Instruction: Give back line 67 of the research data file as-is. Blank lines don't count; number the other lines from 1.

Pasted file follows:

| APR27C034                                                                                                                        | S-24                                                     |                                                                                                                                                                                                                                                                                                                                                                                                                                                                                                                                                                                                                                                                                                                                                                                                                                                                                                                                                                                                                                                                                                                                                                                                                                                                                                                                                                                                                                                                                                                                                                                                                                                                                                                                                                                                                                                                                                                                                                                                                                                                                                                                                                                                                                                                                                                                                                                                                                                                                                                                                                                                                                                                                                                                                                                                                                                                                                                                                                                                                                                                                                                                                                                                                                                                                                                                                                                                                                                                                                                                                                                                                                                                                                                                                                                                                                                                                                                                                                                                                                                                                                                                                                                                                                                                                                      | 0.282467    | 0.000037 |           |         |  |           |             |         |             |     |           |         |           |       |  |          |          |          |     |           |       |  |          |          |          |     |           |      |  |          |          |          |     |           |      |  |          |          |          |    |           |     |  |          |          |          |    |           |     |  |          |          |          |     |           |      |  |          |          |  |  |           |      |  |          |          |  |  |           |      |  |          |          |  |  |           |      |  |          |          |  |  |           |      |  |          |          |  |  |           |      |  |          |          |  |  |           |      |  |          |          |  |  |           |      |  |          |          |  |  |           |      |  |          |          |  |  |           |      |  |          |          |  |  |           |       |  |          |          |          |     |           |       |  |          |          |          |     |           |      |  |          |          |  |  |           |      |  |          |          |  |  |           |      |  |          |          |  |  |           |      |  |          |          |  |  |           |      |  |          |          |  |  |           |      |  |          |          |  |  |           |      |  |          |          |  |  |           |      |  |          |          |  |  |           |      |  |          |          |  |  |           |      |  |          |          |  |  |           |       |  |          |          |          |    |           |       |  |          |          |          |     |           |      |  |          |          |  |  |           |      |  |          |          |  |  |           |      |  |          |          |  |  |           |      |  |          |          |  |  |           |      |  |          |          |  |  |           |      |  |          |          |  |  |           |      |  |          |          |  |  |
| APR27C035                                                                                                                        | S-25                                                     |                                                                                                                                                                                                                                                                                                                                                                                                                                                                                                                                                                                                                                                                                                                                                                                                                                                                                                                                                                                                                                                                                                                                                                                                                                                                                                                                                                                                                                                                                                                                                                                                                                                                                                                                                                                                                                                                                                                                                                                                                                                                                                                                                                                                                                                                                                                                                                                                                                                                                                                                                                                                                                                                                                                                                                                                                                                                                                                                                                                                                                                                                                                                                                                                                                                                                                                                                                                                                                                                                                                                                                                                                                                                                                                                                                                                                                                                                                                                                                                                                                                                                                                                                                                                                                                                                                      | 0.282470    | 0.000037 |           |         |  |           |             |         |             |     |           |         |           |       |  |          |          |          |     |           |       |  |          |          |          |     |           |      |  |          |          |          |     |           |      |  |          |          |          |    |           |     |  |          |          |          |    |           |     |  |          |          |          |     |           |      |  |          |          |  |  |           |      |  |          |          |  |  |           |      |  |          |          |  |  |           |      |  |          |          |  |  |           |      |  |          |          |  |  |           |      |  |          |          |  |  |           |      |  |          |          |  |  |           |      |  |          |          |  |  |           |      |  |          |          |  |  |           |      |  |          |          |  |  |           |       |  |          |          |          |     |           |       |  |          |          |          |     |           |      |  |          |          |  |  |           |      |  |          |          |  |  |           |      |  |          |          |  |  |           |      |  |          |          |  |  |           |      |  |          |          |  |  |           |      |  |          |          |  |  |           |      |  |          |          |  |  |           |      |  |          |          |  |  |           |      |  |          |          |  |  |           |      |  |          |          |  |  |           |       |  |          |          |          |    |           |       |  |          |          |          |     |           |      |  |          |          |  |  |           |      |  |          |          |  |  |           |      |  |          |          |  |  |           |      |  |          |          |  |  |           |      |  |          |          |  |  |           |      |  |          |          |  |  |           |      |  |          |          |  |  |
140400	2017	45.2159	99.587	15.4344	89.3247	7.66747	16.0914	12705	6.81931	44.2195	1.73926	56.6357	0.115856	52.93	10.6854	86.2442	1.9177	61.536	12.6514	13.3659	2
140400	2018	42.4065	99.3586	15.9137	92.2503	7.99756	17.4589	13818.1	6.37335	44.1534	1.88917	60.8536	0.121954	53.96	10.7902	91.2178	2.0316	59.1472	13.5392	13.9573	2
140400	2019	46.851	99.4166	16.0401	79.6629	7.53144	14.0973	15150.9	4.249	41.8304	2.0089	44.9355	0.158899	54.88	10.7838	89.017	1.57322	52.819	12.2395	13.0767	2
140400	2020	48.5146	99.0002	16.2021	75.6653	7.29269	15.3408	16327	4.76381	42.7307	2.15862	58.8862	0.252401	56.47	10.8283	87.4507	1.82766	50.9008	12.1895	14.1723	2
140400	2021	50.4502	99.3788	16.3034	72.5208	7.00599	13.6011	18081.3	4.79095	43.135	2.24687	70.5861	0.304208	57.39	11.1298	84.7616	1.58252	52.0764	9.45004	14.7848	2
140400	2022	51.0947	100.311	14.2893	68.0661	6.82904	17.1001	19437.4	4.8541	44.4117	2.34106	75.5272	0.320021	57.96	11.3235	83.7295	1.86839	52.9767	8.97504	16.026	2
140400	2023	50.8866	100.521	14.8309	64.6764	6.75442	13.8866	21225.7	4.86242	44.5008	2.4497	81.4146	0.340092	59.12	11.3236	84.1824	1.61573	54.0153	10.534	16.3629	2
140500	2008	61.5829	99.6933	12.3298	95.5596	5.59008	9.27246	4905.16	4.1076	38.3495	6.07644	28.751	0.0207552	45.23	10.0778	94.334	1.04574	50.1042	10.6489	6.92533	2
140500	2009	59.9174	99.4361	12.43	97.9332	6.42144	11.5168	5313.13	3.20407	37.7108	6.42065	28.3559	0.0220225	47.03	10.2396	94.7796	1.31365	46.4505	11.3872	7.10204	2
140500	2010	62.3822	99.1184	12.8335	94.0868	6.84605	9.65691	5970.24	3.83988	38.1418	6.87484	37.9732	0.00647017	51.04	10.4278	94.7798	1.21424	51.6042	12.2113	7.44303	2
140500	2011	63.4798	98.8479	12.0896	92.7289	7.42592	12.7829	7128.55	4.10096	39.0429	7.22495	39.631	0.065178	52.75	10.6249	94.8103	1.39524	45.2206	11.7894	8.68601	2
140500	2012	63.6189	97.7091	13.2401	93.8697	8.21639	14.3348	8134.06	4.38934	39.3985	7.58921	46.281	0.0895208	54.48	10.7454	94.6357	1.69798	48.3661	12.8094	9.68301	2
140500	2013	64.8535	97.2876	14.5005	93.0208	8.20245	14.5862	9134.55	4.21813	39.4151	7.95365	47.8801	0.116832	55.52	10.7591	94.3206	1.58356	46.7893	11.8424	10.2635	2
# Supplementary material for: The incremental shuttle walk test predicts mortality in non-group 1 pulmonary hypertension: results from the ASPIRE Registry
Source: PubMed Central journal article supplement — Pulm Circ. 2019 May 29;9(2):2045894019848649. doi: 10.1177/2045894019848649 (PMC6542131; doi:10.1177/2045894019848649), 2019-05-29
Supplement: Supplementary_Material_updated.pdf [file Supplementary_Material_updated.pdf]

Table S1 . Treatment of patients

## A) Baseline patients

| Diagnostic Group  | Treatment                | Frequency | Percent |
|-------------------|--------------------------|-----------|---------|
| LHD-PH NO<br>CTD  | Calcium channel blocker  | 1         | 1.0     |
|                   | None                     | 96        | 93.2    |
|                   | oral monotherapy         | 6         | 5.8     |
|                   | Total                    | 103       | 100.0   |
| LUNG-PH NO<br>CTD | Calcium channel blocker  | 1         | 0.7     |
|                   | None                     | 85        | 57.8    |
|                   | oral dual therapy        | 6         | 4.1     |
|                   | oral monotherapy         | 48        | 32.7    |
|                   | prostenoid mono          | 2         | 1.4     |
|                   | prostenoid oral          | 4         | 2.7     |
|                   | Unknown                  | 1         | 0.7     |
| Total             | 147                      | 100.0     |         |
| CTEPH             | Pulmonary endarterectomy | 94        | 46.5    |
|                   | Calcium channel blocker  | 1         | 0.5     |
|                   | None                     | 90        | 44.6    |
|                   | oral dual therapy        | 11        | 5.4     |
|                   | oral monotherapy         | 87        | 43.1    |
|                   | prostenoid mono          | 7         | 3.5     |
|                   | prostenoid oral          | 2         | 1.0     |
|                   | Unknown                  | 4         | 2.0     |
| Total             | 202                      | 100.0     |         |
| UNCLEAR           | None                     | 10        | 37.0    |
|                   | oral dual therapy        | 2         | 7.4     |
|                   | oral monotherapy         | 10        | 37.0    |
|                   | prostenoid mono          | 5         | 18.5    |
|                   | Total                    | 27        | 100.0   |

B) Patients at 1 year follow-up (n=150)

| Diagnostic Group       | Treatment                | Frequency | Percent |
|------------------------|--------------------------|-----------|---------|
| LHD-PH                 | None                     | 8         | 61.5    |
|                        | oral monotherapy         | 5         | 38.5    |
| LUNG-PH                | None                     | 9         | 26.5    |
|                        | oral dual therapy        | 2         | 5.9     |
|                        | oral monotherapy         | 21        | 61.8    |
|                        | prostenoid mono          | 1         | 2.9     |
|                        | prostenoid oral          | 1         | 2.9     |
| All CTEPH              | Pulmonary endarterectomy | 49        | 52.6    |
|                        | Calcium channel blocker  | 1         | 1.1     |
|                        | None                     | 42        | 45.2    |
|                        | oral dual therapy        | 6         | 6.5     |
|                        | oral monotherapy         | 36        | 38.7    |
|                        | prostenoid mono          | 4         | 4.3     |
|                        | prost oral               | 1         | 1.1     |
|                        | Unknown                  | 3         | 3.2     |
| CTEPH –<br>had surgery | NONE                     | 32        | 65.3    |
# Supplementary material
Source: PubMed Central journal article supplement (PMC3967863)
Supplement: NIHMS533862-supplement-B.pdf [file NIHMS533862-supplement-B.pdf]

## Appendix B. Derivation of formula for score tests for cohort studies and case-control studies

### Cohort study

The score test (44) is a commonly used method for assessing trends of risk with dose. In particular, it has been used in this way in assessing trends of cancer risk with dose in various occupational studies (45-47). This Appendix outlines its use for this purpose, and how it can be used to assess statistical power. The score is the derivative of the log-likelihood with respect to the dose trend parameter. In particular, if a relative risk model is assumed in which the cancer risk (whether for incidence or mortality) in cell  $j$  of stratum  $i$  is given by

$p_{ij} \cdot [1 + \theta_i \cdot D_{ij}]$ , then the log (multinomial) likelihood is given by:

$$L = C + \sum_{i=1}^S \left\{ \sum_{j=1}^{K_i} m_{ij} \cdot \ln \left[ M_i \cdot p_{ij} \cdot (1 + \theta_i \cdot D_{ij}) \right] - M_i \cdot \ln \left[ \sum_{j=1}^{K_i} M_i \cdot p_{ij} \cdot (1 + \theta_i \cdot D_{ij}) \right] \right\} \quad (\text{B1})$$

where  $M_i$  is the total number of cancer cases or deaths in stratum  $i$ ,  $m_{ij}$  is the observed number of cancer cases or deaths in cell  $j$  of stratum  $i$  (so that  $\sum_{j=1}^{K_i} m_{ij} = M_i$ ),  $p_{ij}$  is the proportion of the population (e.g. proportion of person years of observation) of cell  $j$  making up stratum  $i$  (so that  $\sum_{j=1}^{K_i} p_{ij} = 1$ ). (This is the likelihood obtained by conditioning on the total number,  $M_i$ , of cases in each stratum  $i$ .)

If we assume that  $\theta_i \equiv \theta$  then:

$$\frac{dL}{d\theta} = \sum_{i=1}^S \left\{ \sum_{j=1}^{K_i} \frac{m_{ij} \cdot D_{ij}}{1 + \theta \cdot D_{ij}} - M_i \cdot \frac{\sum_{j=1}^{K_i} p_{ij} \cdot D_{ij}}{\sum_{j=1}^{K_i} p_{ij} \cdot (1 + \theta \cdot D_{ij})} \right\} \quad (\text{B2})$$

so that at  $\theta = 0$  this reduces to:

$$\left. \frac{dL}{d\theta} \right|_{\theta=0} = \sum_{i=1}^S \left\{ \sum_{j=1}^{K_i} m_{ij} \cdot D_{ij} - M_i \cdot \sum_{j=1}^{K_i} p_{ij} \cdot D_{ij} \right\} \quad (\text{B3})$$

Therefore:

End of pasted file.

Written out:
| CTEPH –<br>had surgery | NONE                     | 32        | 65.3    |